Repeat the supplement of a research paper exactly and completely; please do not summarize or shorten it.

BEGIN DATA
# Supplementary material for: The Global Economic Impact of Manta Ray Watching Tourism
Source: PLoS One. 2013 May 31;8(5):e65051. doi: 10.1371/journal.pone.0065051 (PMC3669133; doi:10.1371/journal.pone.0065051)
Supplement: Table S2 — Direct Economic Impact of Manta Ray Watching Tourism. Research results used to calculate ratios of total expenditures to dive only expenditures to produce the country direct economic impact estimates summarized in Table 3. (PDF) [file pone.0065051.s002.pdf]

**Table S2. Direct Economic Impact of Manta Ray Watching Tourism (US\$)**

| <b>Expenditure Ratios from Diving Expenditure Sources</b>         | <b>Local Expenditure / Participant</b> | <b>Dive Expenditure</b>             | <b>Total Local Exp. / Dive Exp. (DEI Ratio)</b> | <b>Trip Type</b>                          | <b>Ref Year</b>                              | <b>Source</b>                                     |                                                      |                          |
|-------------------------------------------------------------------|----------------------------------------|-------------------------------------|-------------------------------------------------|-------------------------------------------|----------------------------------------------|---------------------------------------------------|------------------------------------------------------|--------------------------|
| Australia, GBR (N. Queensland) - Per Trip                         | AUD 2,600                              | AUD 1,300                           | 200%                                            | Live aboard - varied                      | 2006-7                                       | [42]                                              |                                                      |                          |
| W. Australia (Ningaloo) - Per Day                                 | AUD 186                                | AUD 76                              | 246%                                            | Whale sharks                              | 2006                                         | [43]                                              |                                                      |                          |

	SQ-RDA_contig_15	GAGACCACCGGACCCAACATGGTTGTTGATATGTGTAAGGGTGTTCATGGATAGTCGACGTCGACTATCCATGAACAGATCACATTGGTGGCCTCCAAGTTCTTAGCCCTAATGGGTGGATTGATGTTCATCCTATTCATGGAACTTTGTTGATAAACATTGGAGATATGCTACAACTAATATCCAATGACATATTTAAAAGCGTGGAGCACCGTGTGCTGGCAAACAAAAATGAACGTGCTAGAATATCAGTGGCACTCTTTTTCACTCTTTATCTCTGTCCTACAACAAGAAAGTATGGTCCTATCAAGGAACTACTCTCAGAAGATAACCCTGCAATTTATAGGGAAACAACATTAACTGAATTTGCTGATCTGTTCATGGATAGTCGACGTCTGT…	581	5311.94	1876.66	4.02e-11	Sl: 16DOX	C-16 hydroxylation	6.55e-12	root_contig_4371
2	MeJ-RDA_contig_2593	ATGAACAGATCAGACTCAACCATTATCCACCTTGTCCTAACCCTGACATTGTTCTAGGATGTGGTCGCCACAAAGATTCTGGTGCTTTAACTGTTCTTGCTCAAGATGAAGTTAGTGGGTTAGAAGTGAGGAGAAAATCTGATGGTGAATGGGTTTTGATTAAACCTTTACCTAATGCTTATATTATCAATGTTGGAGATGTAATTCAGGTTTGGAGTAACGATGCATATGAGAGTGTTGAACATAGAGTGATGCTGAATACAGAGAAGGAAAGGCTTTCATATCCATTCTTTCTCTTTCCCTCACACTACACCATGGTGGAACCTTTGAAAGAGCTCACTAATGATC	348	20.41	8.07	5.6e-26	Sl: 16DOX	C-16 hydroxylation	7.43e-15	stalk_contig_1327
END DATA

# Supplementary material for: The Global Economic Impact of Manta Ray Watching Tourism
Source: PLoS One. 2013 May 31;8(5):e65051. doi: 10.1371/journal.pone.0065051 (PMC3669133; doi:10.1371/journal.pone.0065051)
Supplement: Table S2 — Direct Economic Impact of Manta Ray Watching Tourism. Research results used to calculate ratios of total expenditures to dive only expenditures to produce the country direct economic impact estimates summarized in Table 3. (PDF) [file pone.0065051.s002.pdf]

**Table S2. Direct Economic Impact of Manta Ray Watching Tourism (US\$)**

| <b>Expenditure Ratios from Diving Expenditure Sources</b>         | <b>Local Expenditure / Participant</b> | <b>Dive Expenditure</b>             | <b>Total Local Exp. / Dive Exp. (DEI Ratio)</b> | <b>Trip Type</b>                          | <b>Ref Year</b>                              | <b>Source</b>                                     |                                                      |                          |
|-------------------------------------------------------------------|----------------------------------------|-------------------------------------|-------------------------------------------------|-------------------------------------------|----------------------------------------------|---------------------------------------------------|------------------------------------------------------|--------------------------|
| Australia, GBR (N. Queensland) - Per Trip                         | AUD 2,600                              | AUD 1,300                           | 200%                                            | Live aboard - varied                      | 2006-7                                       | [42]                                              |                                                      |                          |
| W. Australia (Ningaloo) - Per Day                                 | AUD 186                                | AUD 76                              | 246%                                            | Whale sharks                              | 2006                                         | [43]                                              |                                                      |                          |

	SQ-RDA_contig_15	GAGACCACCGGACCCAACATGGTTGTTGATATGTGTAAGGGTGTTCATGGATAGTCGACGTCGACTATCCATGAACAGATCACATTGGTGGCCTCCAAGTTCTTAGCCCTAATGGGTGGATTGATGTTCATCCTATTCATGGAACTTTGTTGATAAACATTGGAGATATGCTACAACTAATATCCAATGACATATTTAAAAGCGTGGAGCACCGTGTGCTGGCAAACAAAAATGAACGTGCTAGAATATCAGTGGCACTCTTTTTCACTCTTTATCTCTGTCCTACAACAAGAAAGTATGGTCCTATCAAGGAACTACTCTCAGAAGATAACCCTGCAATTTATAGGGAAACAACATTAACTGAATTTGCTGATCTGTTCATGGATAGTCGACGTCTGT…	581	5311.94	1876.66	4.02e-11	Sl: 16DOX	C-16 hydroxylation	6.55e-12	root_contig_4371
2	MeJ-RDA_contig_2593	ATGAACAGATCAGACTCAACCATTATCCACCTTGTCCTAACCCTGACATTGTTCTAGGATGTGGTCGCCACAAAGATTCTGGTGCTTTAACTGTTCTTGCTCAAGATGAAGTTAGTGGGTTAGAAGTGAGGAGAAAATCTGATGGTGAATGGGTTTTGATTAAACCTTTACCTAATGCTTATATTATCAATGTTGGAGATGTAATTCAGGTTTGGAGTAACGATGCATATGAGAGTGTTGAACATAGAGTGATGCTGAATACAGAGAAGGAAAGGCTTTCATATCCATTCTTTCTCTTTCCCTCACACTACACCATGGTGGAACCTTTGAAAGAGCTCACTAATGATC	348	20.41	8.07	5.6e-26	Sl: 16DOX	C-16 hydroxylation	7.43e-15	stalk_contig_1327